Hence, the purpose of the present paper was to investigate the relationship of cortisol with SI, β-cell function [disposition index (DI)], and acute insulin release. Association between serum cortisol levels and insulin Univariate linear regression analyses showed correlation of serum cortisol levels with. This stress-related increase in cortisol showed consistent strong relationship to both increased glucose and increased insulin levels (16).
All patients firstly underwent following procedures: An information leaflet along with a urine container was given to all subjects, and they also received a verbal explanation about how to collect a proper h urine sample. After excluding the first morning urine sample of the collection day, urine was collected over 24 h, which included the first urine sample of the next morning.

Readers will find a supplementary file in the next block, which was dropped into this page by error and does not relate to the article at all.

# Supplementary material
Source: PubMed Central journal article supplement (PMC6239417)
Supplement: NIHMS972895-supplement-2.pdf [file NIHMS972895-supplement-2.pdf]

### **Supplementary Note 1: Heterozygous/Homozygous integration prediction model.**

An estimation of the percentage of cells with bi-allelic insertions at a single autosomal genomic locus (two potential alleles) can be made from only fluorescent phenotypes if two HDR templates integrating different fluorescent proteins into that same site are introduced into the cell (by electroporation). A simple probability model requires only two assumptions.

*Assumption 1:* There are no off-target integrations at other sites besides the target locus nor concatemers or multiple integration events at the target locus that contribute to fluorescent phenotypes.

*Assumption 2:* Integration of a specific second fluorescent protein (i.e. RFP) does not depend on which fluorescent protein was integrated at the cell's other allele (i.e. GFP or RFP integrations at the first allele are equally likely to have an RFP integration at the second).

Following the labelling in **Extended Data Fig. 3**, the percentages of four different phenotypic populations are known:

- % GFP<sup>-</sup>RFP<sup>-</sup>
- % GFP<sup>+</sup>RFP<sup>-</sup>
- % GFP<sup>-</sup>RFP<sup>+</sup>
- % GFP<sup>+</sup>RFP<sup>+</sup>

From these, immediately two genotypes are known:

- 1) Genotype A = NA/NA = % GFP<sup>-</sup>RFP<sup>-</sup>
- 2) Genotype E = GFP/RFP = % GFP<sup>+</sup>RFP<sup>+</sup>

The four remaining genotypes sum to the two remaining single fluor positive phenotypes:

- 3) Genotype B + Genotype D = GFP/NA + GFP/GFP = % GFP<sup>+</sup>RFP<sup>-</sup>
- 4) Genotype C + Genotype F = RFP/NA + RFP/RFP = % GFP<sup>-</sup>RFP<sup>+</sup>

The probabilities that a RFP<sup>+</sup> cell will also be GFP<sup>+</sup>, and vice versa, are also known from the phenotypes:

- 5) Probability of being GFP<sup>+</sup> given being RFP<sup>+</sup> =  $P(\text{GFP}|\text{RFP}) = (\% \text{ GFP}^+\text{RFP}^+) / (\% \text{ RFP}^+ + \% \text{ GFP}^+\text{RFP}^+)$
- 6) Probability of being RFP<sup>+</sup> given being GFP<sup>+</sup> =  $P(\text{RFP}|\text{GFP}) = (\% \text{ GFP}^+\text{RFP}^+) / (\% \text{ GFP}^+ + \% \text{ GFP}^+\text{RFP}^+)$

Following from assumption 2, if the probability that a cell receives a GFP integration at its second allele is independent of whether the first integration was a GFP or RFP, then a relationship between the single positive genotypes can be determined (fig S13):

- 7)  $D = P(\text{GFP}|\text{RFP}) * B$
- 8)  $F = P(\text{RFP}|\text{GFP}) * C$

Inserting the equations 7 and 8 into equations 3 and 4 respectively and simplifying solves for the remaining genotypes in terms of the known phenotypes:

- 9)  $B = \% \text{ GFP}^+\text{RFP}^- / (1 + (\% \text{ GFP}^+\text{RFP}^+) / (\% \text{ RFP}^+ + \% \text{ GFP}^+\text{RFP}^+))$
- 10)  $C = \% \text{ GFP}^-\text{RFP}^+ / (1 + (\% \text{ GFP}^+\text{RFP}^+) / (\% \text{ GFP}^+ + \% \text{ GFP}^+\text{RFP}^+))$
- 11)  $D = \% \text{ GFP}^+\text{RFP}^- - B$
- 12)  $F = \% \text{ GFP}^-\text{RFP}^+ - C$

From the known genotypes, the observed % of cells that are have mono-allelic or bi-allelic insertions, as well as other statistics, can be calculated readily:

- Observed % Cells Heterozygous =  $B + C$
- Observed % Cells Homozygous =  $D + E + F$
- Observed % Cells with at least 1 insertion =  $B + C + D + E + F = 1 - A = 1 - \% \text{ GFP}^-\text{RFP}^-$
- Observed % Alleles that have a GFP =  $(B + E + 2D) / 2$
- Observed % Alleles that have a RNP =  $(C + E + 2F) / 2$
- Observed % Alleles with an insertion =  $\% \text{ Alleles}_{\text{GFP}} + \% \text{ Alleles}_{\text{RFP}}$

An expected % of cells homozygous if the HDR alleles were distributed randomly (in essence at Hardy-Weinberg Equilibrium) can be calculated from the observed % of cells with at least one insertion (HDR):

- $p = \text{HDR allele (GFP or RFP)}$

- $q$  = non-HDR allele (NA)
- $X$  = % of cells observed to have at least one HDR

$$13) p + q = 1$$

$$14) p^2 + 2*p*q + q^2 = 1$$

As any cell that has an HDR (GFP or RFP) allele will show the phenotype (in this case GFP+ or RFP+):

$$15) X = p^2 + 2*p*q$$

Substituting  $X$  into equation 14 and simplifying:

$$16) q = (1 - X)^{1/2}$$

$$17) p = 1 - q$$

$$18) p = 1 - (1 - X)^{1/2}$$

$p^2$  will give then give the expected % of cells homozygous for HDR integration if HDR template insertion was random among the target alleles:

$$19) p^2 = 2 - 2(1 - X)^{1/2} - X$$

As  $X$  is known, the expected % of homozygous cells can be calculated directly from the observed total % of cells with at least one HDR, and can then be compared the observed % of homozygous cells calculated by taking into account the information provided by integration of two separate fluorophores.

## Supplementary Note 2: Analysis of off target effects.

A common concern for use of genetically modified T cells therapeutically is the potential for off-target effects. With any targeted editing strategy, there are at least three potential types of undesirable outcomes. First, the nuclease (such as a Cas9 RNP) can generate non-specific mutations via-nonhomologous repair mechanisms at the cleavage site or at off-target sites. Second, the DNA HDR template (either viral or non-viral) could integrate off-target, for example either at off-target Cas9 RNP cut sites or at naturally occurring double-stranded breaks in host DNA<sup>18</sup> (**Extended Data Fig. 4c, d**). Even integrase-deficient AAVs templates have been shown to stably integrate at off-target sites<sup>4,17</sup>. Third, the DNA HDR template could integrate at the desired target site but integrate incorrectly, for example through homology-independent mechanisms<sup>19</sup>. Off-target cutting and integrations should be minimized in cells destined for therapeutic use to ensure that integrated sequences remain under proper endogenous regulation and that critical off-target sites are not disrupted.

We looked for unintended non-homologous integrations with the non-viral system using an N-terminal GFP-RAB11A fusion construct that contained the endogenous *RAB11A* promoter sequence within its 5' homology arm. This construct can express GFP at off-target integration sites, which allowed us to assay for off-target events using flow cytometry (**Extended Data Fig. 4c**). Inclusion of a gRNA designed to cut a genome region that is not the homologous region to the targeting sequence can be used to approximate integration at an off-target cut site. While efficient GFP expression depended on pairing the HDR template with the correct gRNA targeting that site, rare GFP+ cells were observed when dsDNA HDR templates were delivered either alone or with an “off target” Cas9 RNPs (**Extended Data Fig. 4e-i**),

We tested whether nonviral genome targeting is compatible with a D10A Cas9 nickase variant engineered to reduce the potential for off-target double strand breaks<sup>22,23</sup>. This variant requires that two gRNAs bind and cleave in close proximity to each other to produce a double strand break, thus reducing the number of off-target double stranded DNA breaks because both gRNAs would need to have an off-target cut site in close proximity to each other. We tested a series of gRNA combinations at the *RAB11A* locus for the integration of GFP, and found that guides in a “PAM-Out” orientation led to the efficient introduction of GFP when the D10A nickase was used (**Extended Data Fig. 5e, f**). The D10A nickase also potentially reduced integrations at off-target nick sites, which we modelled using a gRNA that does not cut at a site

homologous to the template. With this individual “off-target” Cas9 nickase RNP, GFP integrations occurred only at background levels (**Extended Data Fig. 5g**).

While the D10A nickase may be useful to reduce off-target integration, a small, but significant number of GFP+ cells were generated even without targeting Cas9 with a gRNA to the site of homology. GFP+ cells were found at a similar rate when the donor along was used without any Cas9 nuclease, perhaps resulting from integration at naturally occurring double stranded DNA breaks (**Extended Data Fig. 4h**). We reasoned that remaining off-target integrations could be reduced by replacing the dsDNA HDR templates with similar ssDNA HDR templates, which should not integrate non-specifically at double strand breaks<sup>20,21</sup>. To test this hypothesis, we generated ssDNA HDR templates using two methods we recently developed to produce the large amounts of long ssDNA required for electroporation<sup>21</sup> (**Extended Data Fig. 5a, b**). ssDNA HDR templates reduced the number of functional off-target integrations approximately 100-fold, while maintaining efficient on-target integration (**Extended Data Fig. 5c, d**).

During the sampling period, subjects were instructed to keep urine samples in a dark and cool place. At the end of the collection period, the urine containers were taken to the laboratory within h.
Since erroneous estimations of salt intake may occur according to problems in collecting h urine samples participants with urinary creatinine out of reference levels were excluded.
None of the patients reported any alcohol intak. BP measurement Seated clinic BP was measured manually with a mercury column sphygmomanometer and an appropriate size cuff after 5 min of rest according to American Heart Association guidelines. The laboratory parameters including fasting blood glucose, urea, creatinine, uric acid, Na, potassium, hemoglobin, albumin, calcium, phosphorus, total cholesterol, low-density lipoprotein LDL cholesterol, high-density lipoprotein HDL cholesterol, triglycerides, thyroid stimulating hormone TSHfree triiodothyronine FT3free thyroxine FT4insulin, and cortisol levels.